such actions, will generally place a high priority on
persuading us that compliance with certain actions is no big
deal because those concerned are not like us-the
classification systems we have accepted tell us that.

So Arendt's text offers a different lesson: "If you get them
by the mind, their hearts and balls will follow."  And the
classification system served to do just that.  It is a very
old principle, which goes commonly by the name "Divide and
conquer."  Once you can get people to abandon the really
essential category of "human beings," and get them thinking
in terms of ethnic categories, most of the work is done.

[That point, to compare great things with small, is an
important point in an article this weekend on Canadian
multiculturalism arguing that dividing Canadians into
official minority categories is serving to promote hostility
rather than to foster tolerance for diversity].

I would like momentarily to digress on this business of
classification.  What makes this so effective is that we are
all used to it; in fact, we cannot function without it.
Quite apart from the point that we probably cannot perceive,
understand, or remember things without having some system of
classification, there is also the fact that the modern state
cannot exist with a huge classification system which
establishes the categories, hierarchies, group identities,
and so on essential to all aspects of the modern state.

Part of the Enlightenment project was to make these
classification systems rational and fair, rather than based
upon ancient family lines, religion, tradition, or personal
allegiance.  This, it was thought, could be done if,
following the liberal tradition, our state operated as a
bureaucracy, in which functions were classified, endorsed by
the sovereign power, and subject to the rule of merit or
periodic election and, as much as possible, an equal playing

That is very much how we operate today.  At the risk of a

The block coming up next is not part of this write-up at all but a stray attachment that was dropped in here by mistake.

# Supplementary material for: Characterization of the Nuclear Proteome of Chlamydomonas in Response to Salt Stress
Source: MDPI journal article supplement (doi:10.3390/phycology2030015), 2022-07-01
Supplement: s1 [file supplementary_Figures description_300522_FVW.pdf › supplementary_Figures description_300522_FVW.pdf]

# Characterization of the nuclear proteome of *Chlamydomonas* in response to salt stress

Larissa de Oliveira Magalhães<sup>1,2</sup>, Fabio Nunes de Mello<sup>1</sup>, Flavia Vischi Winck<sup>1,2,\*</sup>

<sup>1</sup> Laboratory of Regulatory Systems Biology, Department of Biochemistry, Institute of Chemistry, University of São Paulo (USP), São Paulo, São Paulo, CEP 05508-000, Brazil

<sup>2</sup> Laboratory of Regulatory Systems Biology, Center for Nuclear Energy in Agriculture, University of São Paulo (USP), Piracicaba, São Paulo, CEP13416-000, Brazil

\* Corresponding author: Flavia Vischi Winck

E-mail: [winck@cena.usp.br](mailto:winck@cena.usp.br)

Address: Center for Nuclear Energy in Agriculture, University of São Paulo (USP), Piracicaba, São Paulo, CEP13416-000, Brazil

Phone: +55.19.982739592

very simple generalization, let me suggest that we have a
three class society.  Most of the people are at the bottom;
they are the classified ones.  They are the workers, and
what they have is jobs or school or welfare or jails.  At
the next level are those in charge of implementing
classification systems (of pasting the labels on people).
They are the professionals, and what they have are positions
(professors, lawyers, doctors, probation officers, social
workers).  At the very top is the small group of those who
make up the classification system.  They are the rulers, and
what they have are names.

As a teacher I am a professional classifier, like a lumber
grader; I spend most of my time putting labels on people.
The state pays me to do that, and students seek the services
of me and my colleagues in order to get stamped.  And most
of the students I teach have one important career ambition:
to move from the ranks of the classified into the ranks of
the implementers of classification systems (to move from a
job to a position).  That's exactly what Eichmann wanted.

Arendt wants us to see in the Eichmann story how
classification can produce evil, how it corrupts one's sense
of something much more important than any label-the human
being on whom you are pasting the label.  What, after all,
was the start of Eichmann's professional career and his
crime?  It was a classification process.  He early on made
his career by distinguishing between assimilationist Jews
and Zionists and, on the basis of this difference,
establishing for himself moral differences between two
groups of human beings.  Having made the initial
distinction, he now has at his disposal moral categories
"good Jews" and "bad Jews."  That is why he can express a
certain bewilderment at the way people see him an such an
enormous monster: had he not admired and been friendly with
many Jews?  It is perhaps a small step, perhaps even in the
context easy enough to understand.  But it reveals a method
of thinking (or of refusing to think) which leads to the
most horrible consequences.

That point underlines the importance Arendt gives to
stressing Eichmann's normality.  It was of considerable